As you know, the Stabenow Amendment to Extend the ENERGY STAR Tax Credit for Manufactured and Modular Homes Defeated in the Senate. As a retail salesperson some reading this will say I’m only interested in my own good. But not only do I believe the Amendment should be passed but I think it should be expanded. I am talking about a program where the federal government offers a tax credit to customers who purchase an energy efficient manufactured home.
There is currently no tax credit for energy efficient manufactured homes. In spite of the so many in the U.S. government saying it wishes to create more manufacturing jobs, increase home ownership, stimulate the economy (home owners make more purchases than just a house), decrease banking instability, decrease consumers debt load, increase energy efficiency and lower dependency on foreign oil imports, some in the federal government are missing the benefits of manufactured housing and the ability to kill 10 birds with 1 stone. Factor in as well the potential to export our homes to other countries too.*
The only credits available are to home owners from local utility companies, but Louisiana does not currently have such a program. While in some areas we lead the country in tax credits for things like solar energy, we offer nothing to someone that is currently living is substandard housing who’s income is too low to qualify for a loan – due to debt to income (DTI) ratios rather than credit scores – to improve their living situation.
Consider someone that owns a home that is inefficient and or hazardous and would like to upgrade, but to do so would require taking the house down to the studs and starting from scratch. Banks are reluctant to lend for such major changes, especially if that is the collateral for the loan and merely increasing energy efficiency does not increase the value of the property enough.
Lets mention the fact that banks often charge higher interest rates on land/home deals simply because the home owner is buying a manufactured home effectively pricing lower income people out of the housing market and condemning them to substandard housing that is energy INEFFICIENT.
If the same effort where put into upgrading access to American made homes that was put into upgrading autos (most of which were not even manufactured on U.S. soil) through “CASH FOR CLUNKERS," oil dependence could be halved in a few years.
I wonder why no one has filed a class action law suit on behalf of the low income consumers everywhere. Basically they are being forced to pay higher utility bills because they can not pay the $70 – $120 per square foot cost of existing site built homes, or the still higher costs of new conventional on-site construction.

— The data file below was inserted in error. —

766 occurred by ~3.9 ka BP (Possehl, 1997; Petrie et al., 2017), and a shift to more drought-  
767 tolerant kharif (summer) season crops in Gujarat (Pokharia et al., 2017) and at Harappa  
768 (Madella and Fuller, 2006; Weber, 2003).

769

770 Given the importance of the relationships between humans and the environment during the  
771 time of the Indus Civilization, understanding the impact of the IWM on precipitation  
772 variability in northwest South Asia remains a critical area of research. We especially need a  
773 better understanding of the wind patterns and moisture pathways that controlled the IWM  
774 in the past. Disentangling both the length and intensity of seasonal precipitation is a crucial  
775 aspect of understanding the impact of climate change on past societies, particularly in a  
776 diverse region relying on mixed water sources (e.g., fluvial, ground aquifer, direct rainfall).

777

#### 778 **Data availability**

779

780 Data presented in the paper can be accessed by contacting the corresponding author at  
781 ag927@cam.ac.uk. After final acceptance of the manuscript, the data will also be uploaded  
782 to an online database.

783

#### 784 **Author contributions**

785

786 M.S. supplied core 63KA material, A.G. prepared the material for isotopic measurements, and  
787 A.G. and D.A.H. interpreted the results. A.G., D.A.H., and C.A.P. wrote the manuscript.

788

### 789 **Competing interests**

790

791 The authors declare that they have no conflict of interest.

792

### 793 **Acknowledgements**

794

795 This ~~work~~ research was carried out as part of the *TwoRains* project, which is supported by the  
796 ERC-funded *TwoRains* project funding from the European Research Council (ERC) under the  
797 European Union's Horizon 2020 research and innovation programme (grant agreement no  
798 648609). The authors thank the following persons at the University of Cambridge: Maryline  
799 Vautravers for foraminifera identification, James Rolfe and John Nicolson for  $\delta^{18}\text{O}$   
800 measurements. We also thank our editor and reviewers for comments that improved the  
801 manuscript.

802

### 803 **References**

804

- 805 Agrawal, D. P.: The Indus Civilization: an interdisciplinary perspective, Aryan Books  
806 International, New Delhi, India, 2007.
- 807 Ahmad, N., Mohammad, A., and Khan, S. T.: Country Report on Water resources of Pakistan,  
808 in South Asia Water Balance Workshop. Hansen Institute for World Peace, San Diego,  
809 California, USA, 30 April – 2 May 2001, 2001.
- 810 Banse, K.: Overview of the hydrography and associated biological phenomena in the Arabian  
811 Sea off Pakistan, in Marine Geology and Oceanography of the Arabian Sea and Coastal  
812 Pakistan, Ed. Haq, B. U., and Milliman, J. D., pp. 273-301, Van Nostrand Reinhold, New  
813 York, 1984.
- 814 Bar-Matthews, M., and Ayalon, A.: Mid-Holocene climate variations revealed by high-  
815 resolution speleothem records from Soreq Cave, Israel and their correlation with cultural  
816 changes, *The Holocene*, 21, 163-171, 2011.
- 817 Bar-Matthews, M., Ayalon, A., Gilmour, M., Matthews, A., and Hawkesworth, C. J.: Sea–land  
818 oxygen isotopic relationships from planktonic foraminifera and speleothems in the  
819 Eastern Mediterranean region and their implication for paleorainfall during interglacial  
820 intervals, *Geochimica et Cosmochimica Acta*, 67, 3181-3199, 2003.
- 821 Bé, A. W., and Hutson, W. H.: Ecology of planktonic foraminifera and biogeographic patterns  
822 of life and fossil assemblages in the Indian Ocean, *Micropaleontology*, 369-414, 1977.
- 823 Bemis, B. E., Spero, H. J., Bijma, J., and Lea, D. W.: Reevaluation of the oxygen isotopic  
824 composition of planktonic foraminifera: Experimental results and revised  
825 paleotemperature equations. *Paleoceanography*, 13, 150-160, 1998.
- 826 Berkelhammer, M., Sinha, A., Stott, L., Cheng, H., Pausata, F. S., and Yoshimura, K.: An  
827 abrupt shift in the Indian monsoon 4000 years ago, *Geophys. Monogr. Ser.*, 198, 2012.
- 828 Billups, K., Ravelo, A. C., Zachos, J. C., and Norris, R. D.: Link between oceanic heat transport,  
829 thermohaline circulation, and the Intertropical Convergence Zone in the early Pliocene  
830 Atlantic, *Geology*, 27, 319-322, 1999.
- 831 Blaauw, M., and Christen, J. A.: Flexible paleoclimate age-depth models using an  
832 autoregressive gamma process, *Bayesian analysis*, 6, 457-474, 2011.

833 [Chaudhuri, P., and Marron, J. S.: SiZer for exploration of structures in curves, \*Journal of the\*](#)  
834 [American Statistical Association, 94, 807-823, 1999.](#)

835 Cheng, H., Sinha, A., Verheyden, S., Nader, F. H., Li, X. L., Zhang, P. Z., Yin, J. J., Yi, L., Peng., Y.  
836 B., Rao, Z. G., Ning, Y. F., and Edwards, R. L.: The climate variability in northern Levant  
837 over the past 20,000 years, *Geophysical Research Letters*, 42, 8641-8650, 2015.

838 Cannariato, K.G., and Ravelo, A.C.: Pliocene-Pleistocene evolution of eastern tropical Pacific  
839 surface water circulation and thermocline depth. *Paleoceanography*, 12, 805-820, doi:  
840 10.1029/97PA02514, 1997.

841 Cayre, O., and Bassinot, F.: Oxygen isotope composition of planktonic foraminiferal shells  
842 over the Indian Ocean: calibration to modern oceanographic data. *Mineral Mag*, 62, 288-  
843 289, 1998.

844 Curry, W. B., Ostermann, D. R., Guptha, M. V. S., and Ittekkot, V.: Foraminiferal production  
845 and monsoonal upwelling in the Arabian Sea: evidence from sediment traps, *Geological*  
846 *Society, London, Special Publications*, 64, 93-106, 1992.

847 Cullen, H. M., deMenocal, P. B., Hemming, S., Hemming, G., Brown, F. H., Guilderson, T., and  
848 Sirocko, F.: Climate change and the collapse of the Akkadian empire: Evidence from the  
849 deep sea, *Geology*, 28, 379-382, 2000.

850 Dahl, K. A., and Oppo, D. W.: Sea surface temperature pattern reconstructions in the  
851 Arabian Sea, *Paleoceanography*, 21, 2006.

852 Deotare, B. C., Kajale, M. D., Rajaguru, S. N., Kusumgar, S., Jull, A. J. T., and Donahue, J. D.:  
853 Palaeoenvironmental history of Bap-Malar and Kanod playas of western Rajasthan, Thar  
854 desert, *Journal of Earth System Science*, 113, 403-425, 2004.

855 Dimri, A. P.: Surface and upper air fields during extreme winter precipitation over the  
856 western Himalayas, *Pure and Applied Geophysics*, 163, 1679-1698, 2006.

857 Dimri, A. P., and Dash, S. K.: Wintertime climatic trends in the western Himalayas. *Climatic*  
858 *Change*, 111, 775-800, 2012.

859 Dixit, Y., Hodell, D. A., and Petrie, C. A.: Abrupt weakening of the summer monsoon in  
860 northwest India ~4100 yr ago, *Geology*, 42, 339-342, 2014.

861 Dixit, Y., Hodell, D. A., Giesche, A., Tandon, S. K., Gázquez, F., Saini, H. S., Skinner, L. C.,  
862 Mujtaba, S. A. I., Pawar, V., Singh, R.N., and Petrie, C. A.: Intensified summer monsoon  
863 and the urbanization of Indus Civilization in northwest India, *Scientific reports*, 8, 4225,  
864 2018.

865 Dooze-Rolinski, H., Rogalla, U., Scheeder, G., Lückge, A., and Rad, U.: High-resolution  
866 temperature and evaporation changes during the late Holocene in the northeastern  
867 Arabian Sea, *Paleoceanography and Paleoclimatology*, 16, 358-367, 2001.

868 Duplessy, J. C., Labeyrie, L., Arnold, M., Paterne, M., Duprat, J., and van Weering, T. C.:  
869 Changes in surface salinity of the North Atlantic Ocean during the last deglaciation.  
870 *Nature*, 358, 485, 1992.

Sometimes worse yet they may effectively be forced to obtain housing through Section 8 housing programs, to me this smacks of discrimination and blackmail.
Where is rhe logic to say to someone on a low or fixed income that you can afford a $300 – $500 monthly energy bill, but not a $500 new home payment that could help limit our dependence on foreign oil? Or you are effectively saying in some case that you will have to leave your A/C or heat off if you would also like to have food…this is unconscionable.
I think that every dilapidated house that could be replaced with a new, energy efficient manufactured home not only helps the individual but the economy and the country.
As someone that works for a manufactured home retailer, I know that we are the front line in this battle and when I am ordering a home for a customer the very first thing I do is try to sell them on upgraded insulation and energy efficiency. I have gone so far as to order an upgrade on insulation without charging the customer. Needless to say this is not always encouraged as it cost the dealership money, and since it is not my money I may have little choice in some deals. I have had customers that have chosen not to pay the additional cost even though they know it will save them money in the future. But if we offer the right incentives it would make it easier for the customer and I imagine the builder, if everything was Energy Star. That would actually be easier to sell than the current “hit and miss." That is why I think if a program could be put together that offered incentives that would encourage dealers, banks, governments, electric companies, insurance companies and consumers – beyond what is currently available – we would have much more success than any stand alone program.
If you look at a model where you have a customer who has marginal credit, marginal debt to income, marginal down payment, and currently living in a free and clear home that is 50 years old that averages a monthly light bill of $300-$500, on the surface a bank may say no to a loan based on this customer. But if you could add a CREDIT for down payment from the state and federal government and local utility company, then figure in a credit on DTI for savings on energy bills and a lower interest rate base on an energy DISCOUNT.